Another venture into the field of higher education occurred when Mother Louis du Sacre Coeur realized her dream of establishing a college for women. After getting the approval from the General Council and Bishop McAuliffe of Hartford, land was purchased in South Woodstock, CT. The college opened in September 1941 as a two-year college called “Ker-Anna”. However, many young were not attracted to the two-year college but rather wanted a full four-year program that would give them a degree. Such a program was thus established with the school offering Bachelor of Arts and/or Bachelor of Science degrees. At the same time the name of the college was changed to “Annhurst”. Official state recognition and a charter were granted in May, 1944. Over the years the college grew quickly in academic programs and in the extent of its beautiful campus. Eventually, however, this period of growth waned and Annhurst began to suffer the same problems faced by the elementary and high schools of the period with increased costs and lower enrollment. To solve this, the controversial decision was made to turn Annhurst into a co-ed college.  For a few years a small number of young men joined the female population on campus. Unfortunately this did not provide the desired outcome, and on February 5, 1980 the announcement was made that Annhurst would be closing. The last graduation was held on May 25, 1980. When the college was officially closed on July 1, 1980, some of the Daughters on the staff took the opportunity to move into new ministries or to retire. A few did find teaching positions at such institutions as Our Lady of the Elms in Chicopee, MA and Salve Regina in Newport, RI.

Much of the campus eventually came under the ownership of Data General, a school to prepare workers in the computer field.The Hyde School now occupies that section of the campus. The library and academic building was purchased by the town of Woodstock for use as a Middle School.

In the 1950’s Bishop Flanagan of Norwich, sought to establish a diocesan high school in the New London area. His vision actually included two separate schools – one for boys, one for girls. To staff the girls‘ school he asked for Daughters of the Holy Spirit. This was the start of St. Bernard’s High School, established in New London. The school was successful  and went coed in 1958. The Bishop’s wish came true when two new schools were constructed and opened in Norwich and Uncasville respectively, the first for girls and the latter for boys. But by the late 1960’s  for financial reasons, the schools were consolidated anew in the Uncasville/Montville facility where it remains in operation. Today there are no longer any Daughters working at St. Bernard’s High School, but graduates are carrying on what they learned from the Daughters.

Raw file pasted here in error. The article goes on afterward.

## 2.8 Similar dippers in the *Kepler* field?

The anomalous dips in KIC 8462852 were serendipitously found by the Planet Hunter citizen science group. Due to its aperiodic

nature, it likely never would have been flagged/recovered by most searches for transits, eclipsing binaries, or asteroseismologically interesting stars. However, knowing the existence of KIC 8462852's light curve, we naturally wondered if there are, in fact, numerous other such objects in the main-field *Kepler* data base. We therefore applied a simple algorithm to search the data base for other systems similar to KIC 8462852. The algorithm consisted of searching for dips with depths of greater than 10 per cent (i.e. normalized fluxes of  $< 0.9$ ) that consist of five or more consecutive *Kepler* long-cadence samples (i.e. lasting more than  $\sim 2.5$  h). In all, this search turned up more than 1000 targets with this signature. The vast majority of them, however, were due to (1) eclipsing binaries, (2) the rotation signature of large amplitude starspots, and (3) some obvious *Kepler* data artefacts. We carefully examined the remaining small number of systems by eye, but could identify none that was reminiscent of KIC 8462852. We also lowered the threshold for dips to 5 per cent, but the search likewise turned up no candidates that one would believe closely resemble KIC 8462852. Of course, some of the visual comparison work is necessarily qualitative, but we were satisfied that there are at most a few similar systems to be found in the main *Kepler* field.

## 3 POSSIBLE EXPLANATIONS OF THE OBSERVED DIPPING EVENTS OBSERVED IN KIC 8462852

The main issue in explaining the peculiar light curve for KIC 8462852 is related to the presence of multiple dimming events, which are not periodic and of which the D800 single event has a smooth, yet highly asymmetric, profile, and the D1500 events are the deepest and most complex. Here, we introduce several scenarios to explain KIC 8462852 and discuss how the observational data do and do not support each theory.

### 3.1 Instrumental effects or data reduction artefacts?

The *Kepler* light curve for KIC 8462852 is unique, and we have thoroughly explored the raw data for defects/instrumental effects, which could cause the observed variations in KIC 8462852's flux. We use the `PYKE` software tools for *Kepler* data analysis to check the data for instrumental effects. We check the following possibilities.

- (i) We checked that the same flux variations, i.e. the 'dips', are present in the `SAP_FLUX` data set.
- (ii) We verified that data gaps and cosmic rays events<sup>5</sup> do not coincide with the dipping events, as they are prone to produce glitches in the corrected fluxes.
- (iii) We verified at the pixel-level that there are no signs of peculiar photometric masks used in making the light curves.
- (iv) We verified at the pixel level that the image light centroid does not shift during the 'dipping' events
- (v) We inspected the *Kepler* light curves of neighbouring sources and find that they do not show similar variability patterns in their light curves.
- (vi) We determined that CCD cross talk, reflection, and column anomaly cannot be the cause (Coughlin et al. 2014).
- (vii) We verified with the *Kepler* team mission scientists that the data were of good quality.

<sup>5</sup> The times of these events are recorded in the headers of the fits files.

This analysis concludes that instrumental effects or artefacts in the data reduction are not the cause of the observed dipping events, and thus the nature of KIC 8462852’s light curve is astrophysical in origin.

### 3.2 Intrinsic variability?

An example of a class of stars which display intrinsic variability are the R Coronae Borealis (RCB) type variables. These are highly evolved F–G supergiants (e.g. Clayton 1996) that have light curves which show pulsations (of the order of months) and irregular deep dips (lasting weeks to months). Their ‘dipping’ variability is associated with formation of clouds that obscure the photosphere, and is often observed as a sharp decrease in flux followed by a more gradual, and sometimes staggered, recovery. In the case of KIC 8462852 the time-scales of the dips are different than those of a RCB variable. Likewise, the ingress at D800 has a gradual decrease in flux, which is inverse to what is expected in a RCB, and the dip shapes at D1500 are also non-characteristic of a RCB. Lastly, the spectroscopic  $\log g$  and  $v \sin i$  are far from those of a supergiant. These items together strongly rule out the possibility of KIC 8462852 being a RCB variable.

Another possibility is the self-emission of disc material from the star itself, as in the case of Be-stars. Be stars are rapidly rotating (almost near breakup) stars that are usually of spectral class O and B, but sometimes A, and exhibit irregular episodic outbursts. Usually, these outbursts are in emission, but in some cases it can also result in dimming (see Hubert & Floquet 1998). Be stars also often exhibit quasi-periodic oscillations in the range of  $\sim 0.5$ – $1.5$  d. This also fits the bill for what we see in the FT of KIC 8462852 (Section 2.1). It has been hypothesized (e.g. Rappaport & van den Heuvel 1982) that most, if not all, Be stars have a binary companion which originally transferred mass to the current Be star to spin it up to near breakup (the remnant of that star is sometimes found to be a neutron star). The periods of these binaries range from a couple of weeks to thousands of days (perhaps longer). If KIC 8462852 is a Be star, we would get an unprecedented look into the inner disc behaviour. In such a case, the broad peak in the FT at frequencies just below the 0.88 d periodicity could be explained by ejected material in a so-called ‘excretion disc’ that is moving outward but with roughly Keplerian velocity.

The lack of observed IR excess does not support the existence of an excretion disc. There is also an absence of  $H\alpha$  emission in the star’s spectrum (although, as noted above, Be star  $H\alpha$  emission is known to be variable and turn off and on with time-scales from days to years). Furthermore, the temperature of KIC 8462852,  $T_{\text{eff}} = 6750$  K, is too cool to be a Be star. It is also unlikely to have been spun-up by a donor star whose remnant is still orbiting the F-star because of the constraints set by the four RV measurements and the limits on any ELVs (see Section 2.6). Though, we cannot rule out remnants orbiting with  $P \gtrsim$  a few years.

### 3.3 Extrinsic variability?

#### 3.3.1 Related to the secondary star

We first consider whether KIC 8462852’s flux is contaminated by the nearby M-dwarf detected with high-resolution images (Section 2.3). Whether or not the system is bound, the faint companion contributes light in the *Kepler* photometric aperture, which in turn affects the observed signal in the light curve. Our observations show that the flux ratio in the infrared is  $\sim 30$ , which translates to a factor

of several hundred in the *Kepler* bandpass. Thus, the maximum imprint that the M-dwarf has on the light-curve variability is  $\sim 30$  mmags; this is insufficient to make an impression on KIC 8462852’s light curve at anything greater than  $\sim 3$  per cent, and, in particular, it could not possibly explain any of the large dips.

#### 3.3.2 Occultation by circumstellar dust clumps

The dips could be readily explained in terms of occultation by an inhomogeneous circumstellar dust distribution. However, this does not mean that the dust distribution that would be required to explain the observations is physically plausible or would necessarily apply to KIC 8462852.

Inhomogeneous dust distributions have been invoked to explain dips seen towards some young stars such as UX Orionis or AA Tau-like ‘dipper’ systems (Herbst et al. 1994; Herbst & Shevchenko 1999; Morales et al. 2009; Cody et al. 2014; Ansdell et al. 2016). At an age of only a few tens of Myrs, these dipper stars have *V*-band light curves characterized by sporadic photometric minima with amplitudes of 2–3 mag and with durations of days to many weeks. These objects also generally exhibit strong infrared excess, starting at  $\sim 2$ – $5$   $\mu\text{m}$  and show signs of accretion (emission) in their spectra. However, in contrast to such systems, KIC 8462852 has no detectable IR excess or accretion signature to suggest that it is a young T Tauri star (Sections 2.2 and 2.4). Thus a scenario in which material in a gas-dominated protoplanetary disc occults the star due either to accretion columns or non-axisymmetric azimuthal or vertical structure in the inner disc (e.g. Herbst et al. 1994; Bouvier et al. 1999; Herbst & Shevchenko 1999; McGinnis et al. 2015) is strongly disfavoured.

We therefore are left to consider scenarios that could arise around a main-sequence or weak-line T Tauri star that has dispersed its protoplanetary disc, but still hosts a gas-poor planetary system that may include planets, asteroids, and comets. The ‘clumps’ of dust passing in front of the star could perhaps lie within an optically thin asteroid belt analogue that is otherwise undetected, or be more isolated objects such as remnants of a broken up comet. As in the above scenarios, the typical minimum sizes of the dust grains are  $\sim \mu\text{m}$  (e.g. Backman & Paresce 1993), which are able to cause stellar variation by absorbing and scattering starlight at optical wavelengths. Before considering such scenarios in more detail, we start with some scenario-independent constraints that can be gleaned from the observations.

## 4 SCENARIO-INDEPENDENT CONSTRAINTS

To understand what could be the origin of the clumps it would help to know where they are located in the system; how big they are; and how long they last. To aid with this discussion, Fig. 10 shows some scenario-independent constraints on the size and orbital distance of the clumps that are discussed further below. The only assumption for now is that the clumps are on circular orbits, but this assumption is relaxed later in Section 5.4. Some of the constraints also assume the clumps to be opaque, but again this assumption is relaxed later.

In Bridgeport, Bishop Curtis wanted to establish a high school for girls in his diocese. Thus, in 1964 Cathedral Girls’ High School was opened with Daughters of the Holy Spirit on the staff. For a few months the Sisters lived at the DHS convent on Pequonnock Street.  Then, they lived for a few more months on the third floor of the school which was still empty. Finally, their own quarters were ready and they moved into a convent in a building which was shared with the Sisters of Mercy. The school grew. At the same time a boys’ school, Kolbe, was struggling due to low enrollment. In view of this, Cathedral High School was transformed into a co-ed school called Kolbe-Cathedral High School in 1976. The Daughters remained present in the school until 1985. Today it continues to function, the only inner-city diocesan high school in the region.

Over the years Daughters of the Holy Spirit have also served with other religious in diocesan secondary and elementary schools.  Among these are schools in California, Vermont, Connecticut, Massachusetts, Rhode Island and New York State.
We trust the photos will ring’ a bell and touch a special place in the hearts of many of our readers. We would appreciate your sharing your comments with us by writing to Sr. Marian St. Marie at